South Korea shows way forward for Premier League as football returns


The K-League kicked off on Friday with no fans, face masks for those not playing and crowd noise pumped into the empty 42,000-seater stadium.

The Premier League got a glimpse of what the future might hold after football finally returned with the start of the South Korean K-League on Friday.

It was football, but just not as we know it as reigning champions Jeonbuk Motors beat Suwon Bluewings 1-0 in an empty World Cup Stadium in Jeonju in the season opener.

There were no supporters allowed, face masks were required for those not playing – including substitutes, managers and ball boys – and players were restricted from talking to the match officials, shaking hands and spitting excessively.

It was a sterile atmosphere in the first half, with the players’ shouts echoing in the empty 42,000-seater arena.

But with Jeonbuk chasing a goal in the second half, artificial crowd noise was pumped through the public address system, which did at least give some sense of atmosphere.

When Lee Dong-Gook headed home the winner in the 84th minute, Jeonbuk’s players celebrated with a hand signal to give thanks to their country’s health workers, with more crowd noise and music blaring out.

At the full-time whistle Jeonbuk boss Jose Morais, formerly Jose Mourinho’s assistant, did not shake the hands of his opposite number or staff, instead settling on elbow and fist bumps.

If ‘Project Restart’ gets the go-ahead, which could be on Monday, then this is what the Premier League might look like in the immediate future.

Never has there been so much interest in the South Korean league, but news of its start has prompted broadcasters from around the world to snap up rights, with the game shown live on the BBC website in this country.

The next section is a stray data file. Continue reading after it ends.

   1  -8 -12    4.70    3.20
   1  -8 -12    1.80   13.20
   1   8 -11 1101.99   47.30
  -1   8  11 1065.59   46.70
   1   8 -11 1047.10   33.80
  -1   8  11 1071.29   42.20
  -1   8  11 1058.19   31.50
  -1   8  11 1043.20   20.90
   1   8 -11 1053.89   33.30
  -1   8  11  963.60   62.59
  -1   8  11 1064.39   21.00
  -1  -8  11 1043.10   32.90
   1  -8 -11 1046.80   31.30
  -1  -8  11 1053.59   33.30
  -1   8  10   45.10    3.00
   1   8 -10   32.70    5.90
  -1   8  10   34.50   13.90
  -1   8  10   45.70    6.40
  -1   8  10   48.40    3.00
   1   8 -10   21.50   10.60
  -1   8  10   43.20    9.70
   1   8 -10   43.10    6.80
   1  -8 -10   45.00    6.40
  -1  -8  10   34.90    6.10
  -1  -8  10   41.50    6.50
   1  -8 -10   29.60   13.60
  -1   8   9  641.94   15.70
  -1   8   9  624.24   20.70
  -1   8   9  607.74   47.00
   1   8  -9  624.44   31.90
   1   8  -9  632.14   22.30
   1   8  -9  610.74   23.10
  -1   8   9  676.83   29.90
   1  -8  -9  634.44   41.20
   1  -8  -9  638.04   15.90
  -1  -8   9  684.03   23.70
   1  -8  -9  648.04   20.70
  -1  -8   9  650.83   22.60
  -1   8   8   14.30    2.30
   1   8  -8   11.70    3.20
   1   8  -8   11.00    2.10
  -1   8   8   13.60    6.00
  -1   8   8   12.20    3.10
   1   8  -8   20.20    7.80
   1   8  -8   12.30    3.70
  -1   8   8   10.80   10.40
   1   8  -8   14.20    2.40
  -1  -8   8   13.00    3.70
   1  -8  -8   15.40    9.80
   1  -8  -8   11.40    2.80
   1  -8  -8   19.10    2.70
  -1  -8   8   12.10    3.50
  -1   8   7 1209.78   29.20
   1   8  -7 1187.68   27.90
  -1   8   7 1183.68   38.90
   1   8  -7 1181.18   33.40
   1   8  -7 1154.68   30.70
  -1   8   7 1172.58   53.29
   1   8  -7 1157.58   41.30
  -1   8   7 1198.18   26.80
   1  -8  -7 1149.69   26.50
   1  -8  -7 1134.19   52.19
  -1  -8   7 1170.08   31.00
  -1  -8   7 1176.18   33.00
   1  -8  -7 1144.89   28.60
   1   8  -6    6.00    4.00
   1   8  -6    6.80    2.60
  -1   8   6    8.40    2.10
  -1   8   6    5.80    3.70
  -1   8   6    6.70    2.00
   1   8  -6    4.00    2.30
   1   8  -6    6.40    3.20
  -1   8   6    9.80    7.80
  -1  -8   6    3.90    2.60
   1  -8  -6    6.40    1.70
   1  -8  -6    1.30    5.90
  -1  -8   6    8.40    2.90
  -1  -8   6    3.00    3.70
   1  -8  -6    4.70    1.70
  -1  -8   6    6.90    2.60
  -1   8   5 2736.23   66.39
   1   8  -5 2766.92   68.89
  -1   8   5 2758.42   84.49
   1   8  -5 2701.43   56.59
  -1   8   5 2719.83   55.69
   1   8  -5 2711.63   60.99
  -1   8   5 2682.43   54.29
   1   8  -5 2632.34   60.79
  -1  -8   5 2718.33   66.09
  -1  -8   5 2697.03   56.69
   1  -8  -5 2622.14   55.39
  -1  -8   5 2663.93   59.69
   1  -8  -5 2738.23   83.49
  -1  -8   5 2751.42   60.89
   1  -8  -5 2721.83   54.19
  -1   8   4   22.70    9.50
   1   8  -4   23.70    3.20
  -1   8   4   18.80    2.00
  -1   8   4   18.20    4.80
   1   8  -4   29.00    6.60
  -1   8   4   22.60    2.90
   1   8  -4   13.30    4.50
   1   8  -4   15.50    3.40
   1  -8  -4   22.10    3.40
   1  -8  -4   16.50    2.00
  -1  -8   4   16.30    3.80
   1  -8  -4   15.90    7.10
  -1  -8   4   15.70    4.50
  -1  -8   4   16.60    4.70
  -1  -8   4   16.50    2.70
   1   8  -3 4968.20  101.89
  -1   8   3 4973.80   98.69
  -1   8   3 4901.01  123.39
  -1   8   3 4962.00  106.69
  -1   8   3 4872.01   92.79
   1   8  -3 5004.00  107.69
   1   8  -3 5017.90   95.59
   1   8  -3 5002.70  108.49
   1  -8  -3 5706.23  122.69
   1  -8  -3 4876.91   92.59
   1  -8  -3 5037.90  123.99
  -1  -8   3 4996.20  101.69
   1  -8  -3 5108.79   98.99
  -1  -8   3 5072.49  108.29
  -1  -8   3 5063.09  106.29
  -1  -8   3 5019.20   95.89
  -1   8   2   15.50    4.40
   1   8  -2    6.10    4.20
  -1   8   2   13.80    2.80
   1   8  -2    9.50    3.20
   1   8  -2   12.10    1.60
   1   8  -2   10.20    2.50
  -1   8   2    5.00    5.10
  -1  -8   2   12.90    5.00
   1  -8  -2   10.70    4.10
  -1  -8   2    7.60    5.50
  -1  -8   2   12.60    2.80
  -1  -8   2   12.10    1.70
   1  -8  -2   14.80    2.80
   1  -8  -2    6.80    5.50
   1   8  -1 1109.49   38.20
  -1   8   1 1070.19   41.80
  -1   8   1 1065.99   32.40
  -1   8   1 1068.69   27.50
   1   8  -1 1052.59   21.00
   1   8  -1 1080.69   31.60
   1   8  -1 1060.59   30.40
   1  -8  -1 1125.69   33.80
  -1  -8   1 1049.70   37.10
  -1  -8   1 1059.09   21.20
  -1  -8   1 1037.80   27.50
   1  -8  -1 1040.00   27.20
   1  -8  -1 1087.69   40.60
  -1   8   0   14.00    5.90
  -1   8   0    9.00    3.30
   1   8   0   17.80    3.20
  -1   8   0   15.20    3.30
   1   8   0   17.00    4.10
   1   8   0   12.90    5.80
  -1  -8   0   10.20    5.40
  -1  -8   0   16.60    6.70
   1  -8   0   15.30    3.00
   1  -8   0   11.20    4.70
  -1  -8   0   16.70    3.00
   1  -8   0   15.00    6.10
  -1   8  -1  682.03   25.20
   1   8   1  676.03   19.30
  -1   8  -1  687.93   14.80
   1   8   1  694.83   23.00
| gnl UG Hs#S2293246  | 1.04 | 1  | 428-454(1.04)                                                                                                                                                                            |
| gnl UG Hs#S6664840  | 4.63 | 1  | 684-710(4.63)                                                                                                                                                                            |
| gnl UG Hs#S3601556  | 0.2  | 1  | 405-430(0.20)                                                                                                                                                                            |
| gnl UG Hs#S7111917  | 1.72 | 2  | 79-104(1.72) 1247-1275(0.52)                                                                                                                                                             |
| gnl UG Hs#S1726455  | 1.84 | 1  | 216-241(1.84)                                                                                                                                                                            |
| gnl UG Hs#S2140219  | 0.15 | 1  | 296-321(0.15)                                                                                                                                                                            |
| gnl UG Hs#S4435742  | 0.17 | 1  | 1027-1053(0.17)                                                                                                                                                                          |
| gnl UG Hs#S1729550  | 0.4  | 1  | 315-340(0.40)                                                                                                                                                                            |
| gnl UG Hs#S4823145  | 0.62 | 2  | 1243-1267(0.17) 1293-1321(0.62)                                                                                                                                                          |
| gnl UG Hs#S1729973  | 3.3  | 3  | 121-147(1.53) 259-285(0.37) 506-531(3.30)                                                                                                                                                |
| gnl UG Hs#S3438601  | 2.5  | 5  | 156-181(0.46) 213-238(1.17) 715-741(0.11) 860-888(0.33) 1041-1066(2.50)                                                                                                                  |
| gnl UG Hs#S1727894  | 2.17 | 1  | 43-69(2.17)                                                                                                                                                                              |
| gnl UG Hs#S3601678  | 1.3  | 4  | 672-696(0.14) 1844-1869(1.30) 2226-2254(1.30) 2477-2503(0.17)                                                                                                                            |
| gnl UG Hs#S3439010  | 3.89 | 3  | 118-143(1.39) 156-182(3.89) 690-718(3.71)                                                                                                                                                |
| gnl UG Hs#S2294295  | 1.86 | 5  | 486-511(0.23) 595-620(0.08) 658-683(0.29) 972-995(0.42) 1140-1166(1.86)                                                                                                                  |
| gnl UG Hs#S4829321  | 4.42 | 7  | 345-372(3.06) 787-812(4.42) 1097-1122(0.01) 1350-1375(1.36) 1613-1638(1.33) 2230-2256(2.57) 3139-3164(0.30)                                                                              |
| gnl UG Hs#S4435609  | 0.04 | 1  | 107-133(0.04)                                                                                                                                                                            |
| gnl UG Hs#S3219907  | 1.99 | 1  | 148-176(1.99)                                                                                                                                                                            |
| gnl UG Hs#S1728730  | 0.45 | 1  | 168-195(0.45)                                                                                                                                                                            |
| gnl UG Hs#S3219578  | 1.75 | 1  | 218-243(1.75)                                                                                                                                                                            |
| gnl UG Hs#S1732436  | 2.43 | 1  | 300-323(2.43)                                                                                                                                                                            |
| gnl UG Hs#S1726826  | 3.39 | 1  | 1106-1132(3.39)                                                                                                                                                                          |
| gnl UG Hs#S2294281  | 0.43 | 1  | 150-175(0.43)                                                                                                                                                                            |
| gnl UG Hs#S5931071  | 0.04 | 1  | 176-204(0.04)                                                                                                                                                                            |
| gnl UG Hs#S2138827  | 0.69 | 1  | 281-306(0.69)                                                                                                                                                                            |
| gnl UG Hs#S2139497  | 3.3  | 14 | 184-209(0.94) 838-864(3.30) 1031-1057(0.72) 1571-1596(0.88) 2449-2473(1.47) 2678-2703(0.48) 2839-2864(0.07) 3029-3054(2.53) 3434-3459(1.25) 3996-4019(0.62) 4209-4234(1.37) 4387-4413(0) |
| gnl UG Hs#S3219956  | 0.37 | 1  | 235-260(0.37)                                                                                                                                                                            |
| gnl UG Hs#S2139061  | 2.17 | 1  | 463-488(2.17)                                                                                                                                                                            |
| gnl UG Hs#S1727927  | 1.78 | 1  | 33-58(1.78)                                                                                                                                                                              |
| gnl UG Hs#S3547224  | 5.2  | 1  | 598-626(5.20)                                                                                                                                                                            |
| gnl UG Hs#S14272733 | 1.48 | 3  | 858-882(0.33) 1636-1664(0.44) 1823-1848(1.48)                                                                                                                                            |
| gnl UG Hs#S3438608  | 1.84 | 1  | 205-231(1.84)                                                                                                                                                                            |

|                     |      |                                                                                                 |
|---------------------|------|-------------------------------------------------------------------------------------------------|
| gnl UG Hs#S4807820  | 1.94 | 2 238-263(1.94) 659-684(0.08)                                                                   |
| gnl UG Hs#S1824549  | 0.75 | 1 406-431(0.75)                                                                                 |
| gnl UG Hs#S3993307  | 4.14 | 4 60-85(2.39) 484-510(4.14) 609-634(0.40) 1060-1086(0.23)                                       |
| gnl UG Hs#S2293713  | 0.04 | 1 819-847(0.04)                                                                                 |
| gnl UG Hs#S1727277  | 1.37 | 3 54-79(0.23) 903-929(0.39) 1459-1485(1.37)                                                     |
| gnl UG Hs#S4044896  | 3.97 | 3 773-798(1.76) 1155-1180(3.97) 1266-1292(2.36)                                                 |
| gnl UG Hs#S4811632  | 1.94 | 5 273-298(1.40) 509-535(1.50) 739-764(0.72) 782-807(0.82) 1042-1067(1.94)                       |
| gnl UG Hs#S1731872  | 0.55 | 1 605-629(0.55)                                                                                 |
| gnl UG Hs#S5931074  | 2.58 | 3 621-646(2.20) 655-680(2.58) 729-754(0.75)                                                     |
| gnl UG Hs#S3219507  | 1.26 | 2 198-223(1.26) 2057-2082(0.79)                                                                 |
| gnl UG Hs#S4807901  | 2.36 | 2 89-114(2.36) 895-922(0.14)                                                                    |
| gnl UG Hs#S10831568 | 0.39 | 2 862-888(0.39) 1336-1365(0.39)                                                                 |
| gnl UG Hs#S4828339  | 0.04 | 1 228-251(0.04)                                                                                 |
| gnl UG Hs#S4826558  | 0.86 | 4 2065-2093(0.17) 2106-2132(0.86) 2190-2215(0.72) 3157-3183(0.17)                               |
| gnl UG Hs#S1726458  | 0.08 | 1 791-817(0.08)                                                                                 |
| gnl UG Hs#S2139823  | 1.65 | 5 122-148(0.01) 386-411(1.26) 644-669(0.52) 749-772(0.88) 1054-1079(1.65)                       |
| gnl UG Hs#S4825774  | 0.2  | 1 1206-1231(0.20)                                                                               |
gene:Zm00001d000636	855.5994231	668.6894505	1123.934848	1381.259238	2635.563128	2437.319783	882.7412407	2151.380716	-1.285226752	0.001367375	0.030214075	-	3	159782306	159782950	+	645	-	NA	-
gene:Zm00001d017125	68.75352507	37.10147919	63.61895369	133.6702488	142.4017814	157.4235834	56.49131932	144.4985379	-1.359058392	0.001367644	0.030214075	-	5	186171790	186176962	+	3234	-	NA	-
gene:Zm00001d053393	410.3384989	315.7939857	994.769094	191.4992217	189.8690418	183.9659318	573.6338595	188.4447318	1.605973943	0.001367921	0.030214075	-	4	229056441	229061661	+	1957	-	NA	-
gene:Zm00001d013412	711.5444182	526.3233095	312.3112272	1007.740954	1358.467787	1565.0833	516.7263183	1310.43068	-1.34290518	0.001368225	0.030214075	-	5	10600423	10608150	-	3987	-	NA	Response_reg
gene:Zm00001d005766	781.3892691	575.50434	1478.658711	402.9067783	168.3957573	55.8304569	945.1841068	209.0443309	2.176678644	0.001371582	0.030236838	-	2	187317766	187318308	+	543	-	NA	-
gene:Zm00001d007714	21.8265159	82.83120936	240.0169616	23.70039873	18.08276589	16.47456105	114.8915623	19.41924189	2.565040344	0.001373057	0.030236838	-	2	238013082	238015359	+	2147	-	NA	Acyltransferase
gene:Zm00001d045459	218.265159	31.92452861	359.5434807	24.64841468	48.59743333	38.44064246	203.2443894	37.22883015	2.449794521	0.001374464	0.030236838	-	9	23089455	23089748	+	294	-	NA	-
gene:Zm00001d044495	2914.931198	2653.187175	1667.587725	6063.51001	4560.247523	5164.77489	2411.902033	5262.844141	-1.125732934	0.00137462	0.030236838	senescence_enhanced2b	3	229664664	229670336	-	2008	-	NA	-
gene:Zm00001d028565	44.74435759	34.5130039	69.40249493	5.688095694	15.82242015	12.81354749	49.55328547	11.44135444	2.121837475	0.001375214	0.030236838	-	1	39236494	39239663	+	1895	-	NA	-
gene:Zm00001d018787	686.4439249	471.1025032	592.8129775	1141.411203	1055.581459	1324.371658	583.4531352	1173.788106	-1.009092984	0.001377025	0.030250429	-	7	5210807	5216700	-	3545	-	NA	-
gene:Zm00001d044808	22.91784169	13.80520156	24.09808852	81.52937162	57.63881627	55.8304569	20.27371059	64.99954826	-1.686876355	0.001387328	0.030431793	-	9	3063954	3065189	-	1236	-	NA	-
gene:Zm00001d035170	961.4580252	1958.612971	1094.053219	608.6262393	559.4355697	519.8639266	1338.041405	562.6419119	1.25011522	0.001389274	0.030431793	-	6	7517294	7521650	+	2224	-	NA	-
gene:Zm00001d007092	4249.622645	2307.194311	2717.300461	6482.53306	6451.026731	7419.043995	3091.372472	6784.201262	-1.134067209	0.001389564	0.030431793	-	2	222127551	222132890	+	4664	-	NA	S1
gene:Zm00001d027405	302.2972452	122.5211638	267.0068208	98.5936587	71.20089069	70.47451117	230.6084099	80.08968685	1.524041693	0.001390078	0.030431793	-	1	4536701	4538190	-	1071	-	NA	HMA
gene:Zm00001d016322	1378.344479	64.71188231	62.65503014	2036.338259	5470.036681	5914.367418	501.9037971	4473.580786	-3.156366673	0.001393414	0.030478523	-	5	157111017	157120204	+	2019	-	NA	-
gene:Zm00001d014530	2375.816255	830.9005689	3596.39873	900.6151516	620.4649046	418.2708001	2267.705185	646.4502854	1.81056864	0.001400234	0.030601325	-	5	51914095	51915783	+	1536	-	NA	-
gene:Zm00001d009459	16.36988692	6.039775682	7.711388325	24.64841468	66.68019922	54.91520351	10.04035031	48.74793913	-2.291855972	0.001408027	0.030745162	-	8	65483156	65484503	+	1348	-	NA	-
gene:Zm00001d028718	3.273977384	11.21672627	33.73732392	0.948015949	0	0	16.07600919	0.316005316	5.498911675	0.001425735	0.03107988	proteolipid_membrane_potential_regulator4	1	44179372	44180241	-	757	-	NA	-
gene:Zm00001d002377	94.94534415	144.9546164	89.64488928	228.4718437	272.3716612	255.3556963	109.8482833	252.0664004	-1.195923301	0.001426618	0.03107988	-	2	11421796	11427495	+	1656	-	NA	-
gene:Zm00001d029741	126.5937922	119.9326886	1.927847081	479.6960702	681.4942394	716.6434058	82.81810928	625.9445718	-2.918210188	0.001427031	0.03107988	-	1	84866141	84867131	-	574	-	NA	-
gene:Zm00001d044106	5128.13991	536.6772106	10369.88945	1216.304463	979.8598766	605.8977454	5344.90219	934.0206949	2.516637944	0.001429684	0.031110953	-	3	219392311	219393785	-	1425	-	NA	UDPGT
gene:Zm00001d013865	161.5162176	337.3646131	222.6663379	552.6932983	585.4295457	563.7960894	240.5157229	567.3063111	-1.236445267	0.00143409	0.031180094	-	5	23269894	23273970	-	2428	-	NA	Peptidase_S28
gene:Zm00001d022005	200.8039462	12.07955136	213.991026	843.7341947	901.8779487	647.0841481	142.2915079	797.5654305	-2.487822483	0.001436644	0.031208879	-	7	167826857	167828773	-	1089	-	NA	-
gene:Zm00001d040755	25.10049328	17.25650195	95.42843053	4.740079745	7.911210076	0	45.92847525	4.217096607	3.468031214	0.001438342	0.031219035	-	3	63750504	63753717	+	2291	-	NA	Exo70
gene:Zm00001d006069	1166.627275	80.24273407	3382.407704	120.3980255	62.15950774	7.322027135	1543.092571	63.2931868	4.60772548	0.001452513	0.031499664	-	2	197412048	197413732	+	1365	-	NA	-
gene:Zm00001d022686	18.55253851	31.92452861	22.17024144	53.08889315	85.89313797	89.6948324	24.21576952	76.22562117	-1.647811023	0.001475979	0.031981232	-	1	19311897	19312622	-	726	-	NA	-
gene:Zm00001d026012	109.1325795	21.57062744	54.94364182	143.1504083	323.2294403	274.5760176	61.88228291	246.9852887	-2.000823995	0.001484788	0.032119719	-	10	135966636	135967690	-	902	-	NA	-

The league was due to begin in February, but was delayed because of the coronavirus pandemic.

However, with fewer than 11,000 confirmed cases and 256 deaths, authorities in South Korea have deemed it safe to start the 2020 season, albeit it with a reduced schedule. Over 1,000 players have been tested and all came back negative.

There was some sense of normality as there was VAR drama in the second half, when the hosts were denied what appeared a clear penalty after the ball struck the hand of Suwon defender Doneil Henry.

Jeonbuk have been champions for the last three seasons and were the dominant team throughout, missing several chances to make it a comfortable evening.

Suwon were holding on for the final 15 minutes after Terry Antonis was shown a straight red card for a horror challenge and their resistance was broken with six minutes remaining.

The 41-year-old Lee, whose career began in 1998, headed home a corner to ensure his side began with three points.